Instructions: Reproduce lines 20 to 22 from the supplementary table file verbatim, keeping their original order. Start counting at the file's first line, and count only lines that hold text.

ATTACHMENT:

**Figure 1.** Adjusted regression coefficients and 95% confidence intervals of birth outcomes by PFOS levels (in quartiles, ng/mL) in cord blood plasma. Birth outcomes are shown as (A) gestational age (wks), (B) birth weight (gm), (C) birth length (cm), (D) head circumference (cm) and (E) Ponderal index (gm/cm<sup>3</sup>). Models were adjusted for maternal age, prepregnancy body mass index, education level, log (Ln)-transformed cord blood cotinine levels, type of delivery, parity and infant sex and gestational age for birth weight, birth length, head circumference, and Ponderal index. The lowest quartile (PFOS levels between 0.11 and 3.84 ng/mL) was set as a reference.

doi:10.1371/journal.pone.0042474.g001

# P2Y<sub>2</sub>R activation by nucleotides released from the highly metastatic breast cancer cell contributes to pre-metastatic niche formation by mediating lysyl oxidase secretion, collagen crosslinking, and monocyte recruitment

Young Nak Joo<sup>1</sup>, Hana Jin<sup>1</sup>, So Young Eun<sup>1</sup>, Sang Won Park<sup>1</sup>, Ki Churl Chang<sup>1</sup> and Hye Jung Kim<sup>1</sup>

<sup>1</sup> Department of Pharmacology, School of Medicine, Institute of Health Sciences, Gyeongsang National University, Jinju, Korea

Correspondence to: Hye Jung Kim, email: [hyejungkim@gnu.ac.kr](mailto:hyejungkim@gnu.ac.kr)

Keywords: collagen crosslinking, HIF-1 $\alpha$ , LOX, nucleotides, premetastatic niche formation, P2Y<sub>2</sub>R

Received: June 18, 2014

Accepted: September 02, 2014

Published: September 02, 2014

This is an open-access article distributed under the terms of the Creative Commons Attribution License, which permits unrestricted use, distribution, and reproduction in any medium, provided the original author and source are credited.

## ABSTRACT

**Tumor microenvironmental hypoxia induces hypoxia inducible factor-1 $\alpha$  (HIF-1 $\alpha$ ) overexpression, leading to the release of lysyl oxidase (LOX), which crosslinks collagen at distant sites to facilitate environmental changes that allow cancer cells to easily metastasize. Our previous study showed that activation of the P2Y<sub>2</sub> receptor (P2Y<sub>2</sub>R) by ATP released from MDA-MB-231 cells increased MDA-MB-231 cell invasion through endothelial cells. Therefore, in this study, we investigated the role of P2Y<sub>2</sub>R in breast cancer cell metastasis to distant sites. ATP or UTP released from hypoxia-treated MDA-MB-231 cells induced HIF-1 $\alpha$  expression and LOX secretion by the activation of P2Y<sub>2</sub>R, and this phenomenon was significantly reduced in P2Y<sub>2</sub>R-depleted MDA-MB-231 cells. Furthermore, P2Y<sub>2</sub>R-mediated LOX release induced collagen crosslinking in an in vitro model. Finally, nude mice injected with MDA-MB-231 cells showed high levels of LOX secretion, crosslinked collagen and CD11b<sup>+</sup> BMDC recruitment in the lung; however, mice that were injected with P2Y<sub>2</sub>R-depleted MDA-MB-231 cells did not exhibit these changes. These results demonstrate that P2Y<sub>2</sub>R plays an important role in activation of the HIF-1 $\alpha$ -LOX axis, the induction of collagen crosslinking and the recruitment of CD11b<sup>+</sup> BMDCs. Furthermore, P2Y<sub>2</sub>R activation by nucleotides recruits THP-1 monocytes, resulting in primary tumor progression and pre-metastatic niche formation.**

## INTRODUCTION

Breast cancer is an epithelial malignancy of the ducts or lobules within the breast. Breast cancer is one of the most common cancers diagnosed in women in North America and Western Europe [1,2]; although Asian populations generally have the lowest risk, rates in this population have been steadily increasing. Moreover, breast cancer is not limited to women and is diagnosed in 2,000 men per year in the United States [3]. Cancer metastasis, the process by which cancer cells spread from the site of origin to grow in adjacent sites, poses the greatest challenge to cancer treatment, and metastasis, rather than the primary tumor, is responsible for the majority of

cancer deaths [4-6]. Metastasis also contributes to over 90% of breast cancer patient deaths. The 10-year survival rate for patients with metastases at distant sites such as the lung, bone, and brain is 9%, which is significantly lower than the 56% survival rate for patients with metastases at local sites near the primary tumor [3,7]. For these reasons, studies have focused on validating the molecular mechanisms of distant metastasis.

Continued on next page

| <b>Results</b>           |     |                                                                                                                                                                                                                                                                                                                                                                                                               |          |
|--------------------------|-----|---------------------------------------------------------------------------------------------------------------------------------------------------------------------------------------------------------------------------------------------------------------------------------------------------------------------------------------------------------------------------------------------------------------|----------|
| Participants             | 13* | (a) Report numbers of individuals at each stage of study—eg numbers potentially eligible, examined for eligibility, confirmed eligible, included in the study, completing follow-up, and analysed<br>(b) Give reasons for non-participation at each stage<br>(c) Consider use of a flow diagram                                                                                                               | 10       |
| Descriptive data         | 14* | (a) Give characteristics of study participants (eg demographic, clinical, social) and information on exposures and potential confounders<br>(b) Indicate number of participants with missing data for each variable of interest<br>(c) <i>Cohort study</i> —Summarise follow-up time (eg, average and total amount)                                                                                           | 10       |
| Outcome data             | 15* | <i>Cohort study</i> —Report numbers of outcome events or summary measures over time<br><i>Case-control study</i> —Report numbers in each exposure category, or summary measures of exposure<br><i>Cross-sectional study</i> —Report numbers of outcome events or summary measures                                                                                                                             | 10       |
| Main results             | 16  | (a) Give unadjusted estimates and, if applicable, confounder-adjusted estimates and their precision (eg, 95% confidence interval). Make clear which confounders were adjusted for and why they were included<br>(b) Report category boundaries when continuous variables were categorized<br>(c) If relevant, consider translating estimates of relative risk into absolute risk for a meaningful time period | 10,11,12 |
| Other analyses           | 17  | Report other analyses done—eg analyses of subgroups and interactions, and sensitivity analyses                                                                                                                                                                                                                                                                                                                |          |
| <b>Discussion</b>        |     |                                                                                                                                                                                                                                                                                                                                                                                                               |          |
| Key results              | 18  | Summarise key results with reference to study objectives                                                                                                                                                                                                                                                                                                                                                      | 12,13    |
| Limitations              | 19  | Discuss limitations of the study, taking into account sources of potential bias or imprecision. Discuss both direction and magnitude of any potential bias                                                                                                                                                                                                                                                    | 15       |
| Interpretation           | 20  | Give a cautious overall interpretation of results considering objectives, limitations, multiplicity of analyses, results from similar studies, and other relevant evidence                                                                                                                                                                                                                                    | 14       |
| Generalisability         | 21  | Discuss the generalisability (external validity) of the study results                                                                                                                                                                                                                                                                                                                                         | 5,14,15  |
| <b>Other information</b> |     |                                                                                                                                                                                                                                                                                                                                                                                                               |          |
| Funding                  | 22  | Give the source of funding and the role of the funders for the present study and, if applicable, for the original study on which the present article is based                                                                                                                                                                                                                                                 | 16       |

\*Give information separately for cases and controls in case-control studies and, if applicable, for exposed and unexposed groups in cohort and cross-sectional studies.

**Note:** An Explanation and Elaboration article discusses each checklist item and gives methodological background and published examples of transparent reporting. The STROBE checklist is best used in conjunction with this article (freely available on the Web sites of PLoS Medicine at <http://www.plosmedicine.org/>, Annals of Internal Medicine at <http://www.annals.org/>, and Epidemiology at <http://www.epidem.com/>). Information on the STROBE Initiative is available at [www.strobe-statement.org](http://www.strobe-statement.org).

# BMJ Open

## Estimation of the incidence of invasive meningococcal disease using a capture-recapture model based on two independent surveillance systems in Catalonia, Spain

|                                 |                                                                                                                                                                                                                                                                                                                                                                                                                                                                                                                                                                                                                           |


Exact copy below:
| Participants             | 13* | (a) Report numbers of individuals at each stage of study—eg numbers potentially eligible, examined for eligibility, confirmed eligible, included in the study, completing follow-up, and analysed<br>(b) Give reasons for non-participation at each stage<br>(c) Consider use of a flow diagram                                                                                                               | 10       |
| Descriptive data         | 14* | (a) Give characteristics of study participants (eg demographic, clinical, social) and information on exposures and potential confounders<br>(b) Indicate number of participants with missing data for each variable of interest<br>(c) <i>Cohort study</i> —Summarise follow-up time (eg, average and total amount)                                                                                           | 10       |
| Outcome data             | 15* | <i>Cohort study</i> —Report numbers of outcome events or summary measures over time<br><i>Case-control study</i> —Report numbers in each exposure category, or summary measures of exposure<br><i>Cross-sectional study</i> —Report numbers of outcome events or summary measures                                                                                                                             | 10       |